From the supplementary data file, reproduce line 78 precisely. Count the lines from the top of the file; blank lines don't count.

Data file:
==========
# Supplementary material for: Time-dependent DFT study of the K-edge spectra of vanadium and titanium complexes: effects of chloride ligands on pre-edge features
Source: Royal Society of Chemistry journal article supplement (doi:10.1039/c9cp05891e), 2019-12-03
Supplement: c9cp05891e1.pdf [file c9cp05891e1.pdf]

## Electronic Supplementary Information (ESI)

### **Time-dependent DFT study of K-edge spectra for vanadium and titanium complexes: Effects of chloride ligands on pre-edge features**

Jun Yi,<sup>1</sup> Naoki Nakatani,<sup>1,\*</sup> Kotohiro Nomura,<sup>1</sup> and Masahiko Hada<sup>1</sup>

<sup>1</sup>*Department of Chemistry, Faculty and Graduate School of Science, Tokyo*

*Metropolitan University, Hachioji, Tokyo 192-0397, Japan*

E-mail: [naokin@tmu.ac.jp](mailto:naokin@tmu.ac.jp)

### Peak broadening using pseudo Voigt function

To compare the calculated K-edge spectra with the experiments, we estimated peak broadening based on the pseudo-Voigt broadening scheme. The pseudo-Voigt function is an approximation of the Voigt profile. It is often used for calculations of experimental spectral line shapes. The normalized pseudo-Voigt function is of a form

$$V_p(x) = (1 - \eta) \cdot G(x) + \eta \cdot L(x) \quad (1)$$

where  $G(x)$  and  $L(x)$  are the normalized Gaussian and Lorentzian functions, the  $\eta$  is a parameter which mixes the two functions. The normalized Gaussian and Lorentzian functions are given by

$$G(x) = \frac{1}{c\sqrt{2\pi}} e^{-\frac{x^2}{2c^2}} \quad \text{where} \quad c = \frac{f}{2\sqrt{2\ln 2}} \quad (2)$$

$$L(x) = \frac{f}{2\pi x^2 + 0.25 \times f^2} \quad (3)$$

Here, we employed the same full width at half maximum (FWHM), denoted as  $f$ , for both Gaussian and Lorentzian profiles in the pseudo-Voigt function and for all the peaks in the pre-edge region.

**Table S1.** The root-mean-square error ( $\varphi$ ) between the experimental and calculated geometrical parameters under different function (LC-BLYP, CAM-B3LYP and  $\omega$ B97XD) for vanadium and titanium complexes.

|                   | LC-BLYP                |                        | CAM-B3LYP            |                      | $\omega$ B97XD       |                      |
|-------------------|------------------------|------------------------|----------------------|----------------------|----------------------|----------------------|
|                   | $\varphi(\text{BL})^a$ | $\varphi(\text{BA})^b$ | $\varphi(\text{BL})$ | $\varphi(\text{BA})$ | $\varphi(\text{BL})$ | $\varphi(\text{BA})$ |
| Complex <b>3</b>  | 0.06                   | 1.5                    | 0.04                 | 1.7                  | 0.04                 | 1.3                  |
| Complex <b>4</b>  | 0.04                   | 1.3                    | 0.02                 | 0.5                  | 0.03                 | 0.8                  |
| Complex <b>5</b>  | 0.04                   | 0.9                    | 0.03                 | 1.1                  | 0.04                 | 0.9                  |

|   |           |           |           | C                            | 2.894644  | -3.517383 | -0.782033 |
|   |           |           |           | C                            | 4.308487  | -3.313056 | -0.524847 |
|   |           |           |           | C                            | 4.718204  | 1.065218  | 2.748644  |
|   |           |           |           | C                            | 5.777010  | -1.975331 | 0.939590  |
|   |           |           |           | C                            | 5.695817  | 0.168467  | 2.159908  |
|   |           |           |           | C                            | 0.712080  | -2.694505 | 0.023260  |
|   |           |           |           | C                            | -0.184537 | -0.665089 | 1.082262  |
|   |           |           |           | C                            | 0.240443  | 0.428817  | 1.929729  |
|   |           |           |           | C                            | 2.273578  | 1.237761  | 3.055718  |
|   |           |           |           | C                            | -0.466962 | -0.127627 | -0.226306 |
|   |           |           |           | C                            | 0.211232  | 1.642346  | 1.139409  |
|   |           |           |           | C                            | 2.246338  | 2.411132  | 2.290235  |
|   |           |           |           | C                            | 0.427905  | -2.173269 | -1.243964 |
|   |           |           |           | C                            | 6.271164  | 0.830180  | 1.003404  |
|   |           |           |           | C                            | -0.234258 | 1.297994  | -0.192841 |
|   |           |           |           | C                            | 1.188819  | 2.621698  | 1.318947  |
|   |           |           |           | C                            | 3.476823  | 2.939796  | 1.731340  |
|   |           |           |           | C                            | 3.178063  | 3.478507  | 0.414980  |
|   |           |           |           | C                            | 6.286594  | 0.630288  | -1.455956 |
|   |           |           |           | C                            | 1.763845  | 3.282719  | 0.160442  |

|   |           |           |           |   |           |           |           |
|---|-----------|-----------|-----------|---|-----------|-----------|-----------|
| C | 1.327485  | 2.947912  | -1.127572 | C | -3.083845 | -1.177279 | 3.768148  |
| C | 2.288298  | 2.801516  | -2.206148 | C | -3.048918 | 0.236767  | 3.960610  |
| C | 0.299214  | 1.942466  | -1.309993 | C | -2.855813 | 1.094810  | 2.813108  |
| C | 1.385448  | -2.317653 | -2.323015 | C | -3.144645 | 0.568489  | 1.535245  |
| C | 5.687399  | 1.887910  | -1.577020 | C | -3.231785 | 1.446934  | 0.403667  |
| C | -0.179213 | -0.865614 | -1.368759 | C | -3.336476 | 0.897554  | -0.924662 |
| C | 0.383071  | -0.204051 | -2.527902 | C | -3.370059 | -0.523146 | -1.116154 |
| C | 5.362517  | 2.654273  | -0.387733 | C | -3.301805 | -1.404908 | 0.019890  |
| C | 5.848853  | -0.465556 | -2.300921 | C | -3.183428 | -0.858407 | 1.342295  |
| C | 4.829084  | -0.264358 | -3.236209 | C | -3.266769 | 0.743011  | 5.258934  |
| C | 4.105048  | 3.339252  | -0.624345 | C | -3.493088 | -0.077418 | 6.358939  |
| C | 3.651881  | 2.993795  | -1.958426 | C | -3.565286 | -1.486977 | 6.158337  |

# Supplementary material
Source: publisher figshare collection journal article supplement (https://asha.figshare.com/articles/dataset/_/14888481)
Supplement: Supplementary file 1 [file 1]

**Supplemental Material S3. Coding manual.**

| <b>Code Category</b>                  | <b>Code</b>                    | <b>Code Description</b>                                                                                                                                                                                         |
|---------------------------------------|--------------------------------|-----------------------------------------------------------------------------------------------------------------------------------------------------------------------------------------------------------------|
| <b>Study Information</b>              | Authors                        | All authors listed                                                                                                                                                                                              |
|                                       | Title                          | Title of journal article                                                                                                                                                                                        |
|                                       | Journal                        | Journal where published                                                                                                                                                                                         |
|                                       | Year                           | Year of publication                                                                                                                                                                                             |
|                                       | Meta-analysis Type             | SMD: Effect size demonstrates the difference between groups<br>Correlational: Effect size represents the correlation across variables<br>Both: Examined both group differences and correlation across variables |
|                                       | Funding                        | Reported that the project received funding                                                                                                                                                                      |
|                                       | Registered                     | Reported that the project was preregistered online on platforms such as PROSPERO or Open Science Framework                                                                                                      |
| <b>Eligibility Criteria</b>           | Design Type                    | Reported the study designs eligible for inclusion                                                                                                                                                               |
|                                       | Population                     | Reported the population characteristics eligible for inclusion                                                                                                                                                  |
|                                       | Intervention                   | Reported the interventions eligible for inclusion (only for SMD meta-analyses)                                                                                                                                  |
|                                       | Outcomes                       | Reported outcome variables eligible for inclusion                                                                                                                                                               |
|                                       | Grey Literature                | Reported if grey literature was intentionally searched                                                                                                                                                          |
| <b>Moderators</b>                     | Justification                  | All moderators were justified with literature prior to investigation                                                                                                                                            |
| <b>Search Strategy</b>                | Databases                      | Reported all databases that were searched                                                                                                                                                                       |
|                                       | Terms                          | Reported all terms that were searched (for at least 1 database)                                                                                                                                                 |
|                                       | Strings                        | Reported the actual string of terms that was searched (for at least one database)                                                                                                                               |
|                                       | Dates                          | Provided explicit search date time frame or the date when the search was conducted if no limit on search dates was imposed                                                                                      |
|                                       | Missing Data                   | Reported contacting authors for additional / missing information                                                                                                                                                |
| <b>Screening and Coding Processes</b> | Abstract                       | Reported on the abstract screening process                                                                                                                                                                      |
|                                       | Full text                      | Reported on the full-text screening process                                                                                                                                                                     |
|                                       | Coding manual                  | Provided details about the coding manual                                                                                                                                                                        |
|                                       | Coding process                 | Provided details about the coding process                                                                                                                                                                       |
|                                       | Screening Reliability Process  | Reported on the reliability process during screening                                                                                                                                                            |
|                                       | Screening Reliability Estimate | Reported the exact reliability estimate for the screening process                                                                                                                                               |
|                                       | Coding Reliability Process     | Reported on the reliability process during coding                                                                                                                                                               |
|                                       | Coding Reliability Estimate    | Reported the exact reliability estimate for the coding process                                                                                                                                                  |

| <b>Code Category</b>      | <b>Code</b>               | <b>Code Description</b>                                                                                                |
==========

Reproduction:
|                                       | Terms                          | Reported all terms that were searched (for at least 1 database)                                                                                                                                                 |